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   Chapter 29 A BOAT ON THE BEACH.

Poison Island By Arthur Quiller-Couch Characters: 8289

Updated: 2017-11-30 00:03

As we drew to shore the stranger stepped down the beach and lifted his hat again.

"Welcome, ladies; and let me thank you and all your party for this confidence. The boy here-bless my soul, how he has grown in these few months!-the boy and I have had the pleasure of meeting before. Eh, Harry Brooks? You remember me? To the Captain I must introduce myself. Shake hands, Captain Branscome. I am proud to make your acquaintance. . . . But what is the meaning of these baskets? You have brought your own provisions? Come, Miss Belcher, that is unkind of you, when we agreed-yes, surely we agreed?-that you were to be my guests."

"We were not sure, sir-" began Miss Belcher.

"That I should keep my word? Worse and worse! Or possibly you distrusted the entertainment of a solitary bachelor on a desert island? But I must prove that you did me an injustice." He pointed to a goodly hamper on the beach and to a frail or carpenter's basket from which half a dozen bottles protruded their necks, topped with red and green seals. "As proprietor of Mortallone-you will forgive my laying stress on it-I may surely claim the right to do the honours. Stay a moment, my good man," he added, as Mr. Goodfellow made a motion to lift out our own hamper. "Miss Plinlimmon, I believe, is an admirer of natural scenery, and, if the ladies will step ashore for a few minutes, there is a waterfall above which may reward her inspection; not by any means, ma'am, the grandest our island can show, yet charming in its way and distant but a short five minutes' walk. Captain Branscome will bear me out, and Harry, too- yes, Harry, too, if I mistake not, visited it yesterday."

He put out a hand to assist the ladies to disembark, at the same time hitching back the gun on his bandolier.

"You will excuse my having brought a musket. You have brought your own, I see. Quite right. I carry it habitually; for, to tell you the truth, the island contains a few wild boars who dispute possession with me. A very few-we are not likely to meet with one, so the ladies may reassure themselves! But, as I was about to say, with the Captain's permission we will not unload here. Rather, after visiting the waterfall, I would suggest that we row round to the eastern side, where, if I may guide you, you will find choice of a dozen delightful spots for a picnic. In this way, too, we shall cover more ground and get a more general view of the beauties of the island, which, as I dare say my friend Harry discovered yesterday, is somewhat too thickly overgrown for easy travelling."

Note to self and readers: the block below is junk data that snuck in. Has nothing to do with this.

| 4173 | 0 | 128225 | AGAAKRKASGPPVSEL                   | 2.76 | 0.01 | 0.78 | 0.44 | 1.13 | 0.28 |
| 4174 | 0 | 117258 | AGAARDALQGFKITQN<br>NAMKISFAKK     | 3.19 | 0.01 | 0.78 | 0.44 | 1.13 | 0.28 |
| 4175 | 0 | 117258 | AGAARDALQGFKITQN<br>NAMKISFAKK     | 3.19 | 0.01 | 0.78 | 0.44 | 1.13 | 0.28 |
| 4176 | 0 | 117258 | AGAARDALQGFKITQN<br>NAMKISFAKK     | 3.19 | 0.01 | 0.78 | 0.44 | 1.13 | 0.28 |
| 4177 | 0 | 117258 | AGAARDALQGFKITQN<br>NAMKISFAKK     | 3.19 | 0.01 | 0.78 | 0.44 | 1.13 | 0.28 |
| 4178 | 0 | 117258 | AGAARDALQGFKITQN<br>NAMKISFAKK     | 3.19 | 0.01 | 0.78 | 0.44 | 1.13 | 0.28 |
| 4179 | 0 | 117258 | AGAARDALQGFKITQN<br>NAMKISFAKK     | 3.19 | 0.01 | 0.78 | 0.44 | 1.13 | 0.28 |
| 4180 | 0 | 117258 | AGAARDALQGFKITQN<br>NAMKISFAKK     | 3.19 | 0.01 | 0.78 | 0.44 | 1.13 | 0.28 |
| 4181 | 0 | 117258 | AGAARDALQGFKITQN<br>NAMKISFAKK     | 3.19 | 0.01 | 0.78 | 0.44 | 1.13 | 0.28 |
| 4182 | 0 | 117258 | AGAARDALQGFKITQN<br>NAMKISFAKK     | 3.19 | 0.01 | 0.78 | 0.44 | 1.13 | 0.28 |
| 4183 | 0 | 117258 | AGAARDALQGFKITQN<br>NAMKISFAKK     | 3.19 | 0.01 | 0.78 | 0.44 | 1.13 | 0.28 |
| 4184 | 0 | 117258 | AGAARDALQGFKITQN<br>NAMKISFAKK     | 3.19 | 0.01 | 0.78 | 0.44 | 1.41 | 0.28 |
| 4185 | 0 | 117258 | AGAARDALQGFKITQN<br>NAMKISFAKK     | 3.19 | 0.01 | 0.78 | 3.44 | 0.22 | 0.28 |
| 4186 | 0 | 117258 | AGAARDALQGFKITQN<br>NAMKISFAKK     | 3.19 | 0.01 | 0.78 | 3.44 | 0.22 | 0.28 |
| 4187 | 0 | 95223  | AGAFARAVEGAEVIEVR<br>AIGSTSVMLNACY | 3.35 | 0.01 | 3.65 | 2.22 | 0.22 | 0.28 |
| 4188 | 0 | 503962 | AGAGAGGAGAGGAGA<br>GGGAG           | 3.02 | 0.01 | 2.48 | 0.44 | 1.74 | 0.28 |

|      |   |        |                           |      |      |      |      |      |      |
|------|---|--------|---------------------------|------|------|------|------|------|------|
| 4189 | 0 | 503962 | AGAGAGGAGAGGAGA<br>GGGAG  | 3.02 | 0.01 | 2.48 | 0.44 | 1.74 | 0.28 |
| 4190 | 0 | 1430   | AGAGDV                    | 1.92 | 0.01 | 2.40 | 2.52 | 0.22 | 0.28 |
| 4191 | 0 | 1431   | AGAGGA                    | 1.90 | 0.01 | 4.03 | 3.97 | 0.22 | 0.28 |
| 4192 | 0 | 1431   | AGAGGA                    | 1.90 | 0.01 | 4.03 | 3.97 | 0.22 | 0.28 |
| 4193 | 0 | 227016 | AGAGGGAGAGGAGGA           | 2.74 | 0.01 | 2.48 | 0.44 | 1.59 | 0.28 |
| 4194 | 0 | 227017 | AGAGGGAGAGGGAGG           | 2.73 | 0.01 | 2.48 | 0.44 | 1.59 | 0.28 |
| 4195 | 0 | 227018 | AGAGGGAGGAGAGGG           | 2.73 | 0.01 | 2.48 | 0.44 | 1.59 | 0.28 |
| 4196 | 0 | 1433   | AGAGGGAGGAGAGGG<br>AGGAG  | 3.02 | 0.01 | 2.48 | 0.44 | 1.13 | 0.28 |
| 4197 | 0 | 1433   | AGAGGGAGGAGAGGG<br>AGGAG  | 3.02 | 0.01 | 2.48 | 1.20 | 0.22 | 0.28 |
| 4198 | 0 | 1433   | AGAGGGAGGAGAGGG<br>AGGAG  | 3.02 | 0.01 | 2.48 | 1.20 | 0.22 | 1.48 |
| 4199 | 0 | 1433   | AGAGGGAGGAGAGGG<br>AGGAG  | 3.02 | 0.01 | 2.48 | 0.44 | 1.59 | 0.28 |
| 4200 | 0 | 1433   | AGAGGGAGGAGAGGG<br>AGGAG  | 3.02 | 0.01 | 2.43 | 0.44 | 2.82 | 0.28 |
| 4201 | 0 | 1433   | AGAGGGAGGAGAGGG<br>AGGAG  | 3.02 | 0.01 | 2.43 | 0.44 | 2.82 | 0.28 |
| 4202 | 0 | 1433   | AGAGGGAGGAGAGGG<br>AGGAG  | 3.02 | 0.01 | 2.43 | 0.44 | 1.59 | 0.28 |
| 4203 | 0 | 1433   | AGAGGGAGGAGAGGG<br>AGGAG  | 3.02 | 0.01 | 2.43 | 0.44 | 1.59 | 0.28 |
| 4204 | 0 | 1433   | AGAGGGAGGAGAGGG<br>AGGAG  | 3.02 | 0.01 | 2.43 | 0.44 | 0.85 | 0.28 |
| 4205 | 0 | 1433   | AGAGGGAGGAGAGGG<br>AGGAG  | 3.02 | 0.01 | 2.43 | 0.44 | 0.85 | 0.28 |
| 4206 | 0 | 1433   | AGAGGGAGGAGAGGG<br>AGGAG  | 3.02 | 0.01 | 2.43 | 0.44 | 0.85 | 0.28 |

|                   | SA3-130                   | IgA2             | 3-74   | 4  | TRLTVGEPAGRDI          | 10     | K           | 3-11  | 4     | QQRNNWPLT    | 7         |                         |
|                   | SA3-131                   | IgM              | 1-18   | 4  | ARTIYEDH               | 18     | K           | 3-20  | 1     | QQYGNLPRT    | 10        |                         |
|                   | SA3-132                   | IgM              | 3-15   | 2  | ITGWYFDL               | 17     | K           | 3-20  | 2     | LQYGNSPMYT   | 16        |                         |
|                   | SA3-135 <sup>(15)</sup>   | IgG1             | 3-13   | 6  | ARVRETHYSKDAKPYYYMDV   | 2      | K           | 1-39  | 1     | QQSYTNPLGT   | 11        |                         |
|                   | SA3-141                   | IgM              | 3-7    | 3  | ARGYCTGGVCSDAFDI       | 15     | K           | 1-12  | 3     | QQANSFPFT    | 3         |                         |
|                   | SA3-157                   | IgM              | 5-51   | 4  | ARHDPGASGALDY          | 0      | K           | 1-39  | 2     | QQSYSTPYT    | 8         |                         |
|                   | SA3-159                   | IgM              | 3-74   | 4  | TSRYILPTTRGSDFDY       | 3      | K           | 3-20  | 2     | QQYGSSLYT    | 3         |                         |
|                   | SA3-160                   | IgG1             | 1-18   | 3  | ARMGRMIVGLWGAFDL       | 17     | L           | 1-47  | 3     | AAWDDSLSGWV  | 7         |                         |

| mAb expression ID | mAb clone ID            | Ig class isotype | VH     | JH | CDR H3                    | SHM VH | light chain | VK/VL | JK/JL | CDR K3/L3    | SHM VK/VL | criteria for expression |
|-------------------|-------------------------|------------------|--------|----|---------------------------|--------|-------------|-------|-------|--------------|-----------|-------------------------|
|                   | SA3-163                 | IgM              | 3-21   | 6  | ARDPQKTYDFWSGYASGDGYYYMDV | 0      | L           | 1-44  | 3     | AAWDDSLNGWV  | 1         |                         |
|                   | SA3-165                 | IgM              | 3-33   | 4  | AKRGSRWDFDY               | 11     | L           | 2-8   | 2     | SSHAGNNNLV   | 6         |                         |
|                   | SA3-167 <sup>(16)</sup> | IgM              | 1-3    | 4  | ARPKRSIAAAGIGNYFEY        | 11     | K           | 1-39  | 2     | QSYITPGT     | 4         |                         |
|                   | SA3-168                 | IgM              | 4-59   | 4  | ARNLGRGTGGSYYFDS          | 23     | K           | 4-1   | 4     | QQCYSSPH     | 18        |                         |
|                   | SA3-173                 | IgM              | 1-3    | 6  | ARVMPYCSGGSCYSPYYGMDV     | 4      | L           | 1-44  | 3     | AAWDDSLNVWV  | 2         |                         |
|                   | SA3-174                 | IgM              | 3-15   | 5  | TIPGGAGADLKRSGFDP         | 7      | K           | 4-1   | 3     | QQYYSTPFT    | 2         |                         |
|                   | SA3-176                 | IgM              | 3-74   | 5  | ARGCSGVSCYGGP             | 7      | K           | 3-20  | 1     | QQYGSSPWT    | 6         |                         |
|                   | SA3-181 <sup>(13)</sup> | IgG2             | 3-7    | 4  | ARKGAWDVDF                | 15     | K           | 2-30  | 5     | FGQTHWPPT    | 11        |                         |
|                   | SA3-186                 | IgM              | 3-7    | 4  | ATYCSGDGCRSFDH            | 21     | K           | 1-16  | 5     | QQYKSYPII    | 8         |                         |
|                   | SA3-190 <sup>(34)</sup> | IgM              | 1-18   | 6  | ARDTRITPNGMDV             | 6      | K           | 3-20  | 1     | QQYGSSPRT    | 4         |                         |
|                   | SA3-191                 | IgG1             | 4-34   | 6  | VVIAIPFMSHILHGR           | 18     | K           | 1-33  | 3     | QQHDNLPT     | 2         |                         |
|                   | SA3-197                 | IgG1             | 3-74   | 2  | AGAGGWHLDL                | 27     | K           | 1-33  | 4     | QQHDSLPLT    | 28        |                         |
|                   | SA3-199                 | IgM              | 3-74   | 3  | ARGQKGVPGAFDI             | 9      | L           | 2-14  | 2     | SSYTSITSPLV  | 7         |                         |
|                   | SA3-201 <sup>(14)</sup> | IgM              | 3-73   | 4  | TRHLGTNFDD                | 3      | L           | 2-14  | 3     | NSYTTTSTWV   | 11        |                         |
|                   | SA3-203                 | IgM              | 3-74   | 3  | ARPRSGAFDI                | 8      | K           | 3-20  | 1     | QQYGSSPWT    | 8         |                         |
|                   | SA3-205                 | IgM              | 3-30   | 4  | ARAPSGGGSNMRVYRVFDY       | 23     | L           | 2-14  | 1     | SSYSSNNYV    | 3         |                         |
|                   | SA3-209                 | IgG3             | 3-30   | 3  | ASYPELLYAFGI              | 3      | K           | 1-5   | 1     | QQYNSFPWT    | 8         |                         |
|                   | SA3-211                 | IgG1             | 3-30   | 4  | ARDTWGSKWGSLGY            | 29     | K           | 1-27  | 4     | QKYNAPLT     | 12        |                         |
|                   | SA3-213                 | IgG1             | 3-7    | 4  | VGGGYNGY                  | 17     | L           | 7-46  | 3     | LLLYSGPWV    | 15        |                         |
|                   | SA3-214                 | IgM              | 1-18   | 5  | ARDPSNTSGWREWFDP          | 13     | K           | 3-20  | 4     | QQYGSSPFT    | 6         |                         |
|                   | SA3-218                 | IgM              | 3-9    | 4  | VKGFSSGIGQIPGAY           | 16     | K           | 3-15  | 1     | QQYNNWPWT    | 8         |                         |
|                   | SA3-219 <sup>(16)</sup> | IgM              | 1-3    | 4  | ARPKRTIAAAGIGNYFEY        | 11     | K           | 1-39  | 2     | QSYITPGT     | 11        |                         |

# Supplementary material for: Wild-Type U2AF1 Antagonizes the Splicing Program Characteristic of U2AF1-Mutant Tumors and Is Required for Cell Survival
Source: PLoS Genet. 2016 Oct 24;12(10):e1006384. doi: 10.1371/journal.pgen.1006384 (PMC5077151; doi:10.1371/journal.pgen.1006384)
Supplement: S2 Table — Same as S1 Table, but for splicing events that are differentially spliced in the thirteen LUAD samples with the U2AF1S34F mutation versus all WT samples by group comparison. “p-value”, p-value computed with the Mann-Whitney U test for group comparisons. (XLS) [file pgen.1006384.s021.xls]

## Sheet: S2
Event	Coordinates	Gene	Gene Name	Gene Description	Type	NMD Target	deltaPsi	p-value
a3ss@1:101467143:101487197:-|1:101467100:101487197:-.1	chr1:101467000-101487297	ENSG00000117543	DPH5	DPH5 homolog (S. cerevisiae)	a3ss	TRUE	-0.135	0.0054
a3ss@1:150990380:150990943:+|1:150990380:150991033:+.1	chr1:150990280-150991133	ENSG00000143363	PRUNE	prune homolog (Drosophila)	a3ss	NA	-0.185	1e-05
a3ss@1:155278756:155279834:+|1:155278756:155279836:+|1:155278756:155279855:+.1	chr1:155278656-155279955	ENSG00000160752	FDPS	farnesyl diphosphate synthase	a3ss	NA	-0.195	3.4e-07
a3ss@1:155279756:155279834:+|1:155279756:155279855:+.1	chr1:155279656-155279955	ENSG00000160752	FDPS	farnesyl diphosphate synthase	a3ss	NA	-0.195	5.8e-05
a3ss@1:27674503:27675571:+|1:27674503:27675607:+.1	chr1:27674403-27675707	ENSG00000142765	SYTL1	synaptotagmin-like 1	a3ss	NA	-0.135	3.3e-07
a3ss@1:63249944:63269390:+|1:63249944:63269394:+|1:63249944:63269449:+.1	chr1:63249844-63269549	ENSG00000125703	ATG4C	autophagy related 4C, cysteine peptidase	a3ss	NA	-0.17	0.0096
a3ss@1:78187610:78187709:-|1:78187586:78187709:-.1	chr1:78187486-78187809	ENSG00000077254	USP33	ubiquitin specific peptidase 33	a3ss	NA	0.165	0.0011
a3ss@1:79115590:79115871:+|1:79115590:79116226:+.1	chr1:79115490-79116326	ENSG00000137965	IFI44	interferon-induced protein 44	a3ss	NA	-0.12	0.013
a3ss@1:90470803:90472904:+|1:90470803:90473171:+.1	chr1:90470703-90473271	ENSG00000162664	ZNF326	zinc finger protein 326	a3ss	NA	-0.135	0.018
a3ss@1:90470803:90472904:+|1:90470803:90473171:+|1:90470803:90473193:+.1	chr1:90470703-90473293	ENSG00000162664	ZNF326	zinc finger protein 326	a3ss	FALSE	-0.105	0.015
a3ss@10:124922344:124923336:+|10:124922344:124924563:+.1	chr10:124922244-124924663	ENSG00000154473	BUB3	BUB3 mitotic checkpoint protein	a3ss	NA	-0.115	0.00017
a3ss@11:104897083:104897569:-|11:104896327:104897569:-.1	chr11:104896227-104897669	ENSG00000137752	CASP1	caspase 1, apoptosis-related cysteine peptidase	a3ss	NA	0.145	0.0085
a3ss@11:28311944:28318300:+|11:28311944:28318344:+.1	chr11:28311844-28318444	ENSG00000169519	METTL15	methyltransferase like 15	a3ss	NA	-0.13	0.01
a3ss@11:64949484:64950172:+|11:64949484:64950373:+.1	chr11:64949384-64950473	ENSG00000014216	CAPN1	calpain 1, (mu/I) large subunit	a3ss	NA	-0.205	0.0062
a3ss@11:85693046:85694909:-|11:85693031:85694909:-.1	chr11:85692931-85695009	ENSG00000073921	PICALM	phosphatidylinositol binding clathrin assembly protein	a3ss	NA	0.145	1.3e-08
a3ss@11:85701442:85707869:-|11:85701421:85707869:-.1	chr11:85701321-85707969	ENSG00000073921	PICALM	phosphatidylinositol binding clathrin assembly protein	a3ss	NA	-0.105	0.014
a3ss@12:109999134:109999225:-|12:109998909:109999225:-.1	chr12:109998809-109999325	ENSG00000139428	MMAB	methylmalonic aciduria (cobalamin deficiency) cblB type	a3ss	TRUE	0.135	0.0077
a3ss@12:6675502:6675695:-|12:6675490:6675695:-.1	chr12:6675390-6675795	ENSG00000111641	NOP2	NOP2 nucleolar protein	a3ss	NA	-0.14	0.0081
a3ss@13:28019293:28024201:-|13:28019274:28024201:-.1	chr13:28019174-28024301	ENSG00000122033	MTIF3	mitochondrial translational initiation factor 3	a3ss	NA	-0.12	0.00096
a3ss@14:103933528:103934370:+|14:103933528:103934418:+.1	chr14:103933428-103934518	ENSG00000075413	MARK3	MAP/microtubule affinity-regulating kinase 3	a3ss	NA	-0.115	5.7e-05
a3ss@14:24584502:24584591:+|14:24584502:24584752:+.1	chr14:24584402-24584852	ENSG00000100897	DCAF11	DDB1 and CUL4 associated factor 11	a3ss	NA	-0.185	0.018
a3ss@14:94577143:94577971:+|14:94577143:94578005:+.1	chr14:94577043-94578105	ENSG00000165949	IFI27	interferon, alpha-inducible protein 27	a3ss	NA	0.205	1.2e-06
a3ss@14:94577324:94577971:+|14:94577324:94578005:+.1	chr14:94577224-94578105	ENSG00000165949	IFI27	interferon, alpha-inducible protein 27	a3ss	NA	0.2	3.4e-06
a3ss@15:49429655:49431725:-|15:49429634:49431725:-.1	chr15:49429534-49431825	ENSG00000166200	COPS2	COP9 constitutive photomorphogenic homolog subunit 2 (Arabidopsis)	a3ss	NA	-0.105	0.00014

The man's manner-at once frank, chatty, and easily polite- completely disconcerted me, and I could see it disconcerted the Captain. It seemed to reduce the whole expedition to an ordinary picnic; and (more astonishing yet) the ladies accepted it for that. They fell in, one on each side of him, as he led the way to the waterfall, and for a climax Miss Belcher shook out a parasol which she had been carrying under her arm and spread it above her beaver hat!

At the waterfall our host surpassed himself. The landscape hereabouts (he declared) always reminded him of Nicholas Poussin. He would like Miss Plinlimmon's opinion on the rock-drawing of Salvator Rosa, a painter whom he gently depreciated. Had Miss Plinlimmon ever visited the Apennines? He plucked a few of the ferns growing in the spray and discoursed on them, comparing them with the common European polypody. He turned to music, and challenged his fair visitors to guess the note made by the falling water: it hummed on E natural, rising now and then by something less than a semitone.

With all this it was not easy to suspect him of acting, as it was next to impossible to mistake him for a trifler. His tall figure, his carriage, the fine pose of his head, his resonant manly voice, all forbade it, no less than did the wild scenery to which he drew our attention with an easy proprietary wave of the hand. I observed that Captain Branscome listened to him with a puzzled frown.

The waterfall having been duly admired, we retraced our steps to the shore. The gig carried a small mast and lugsail, and, the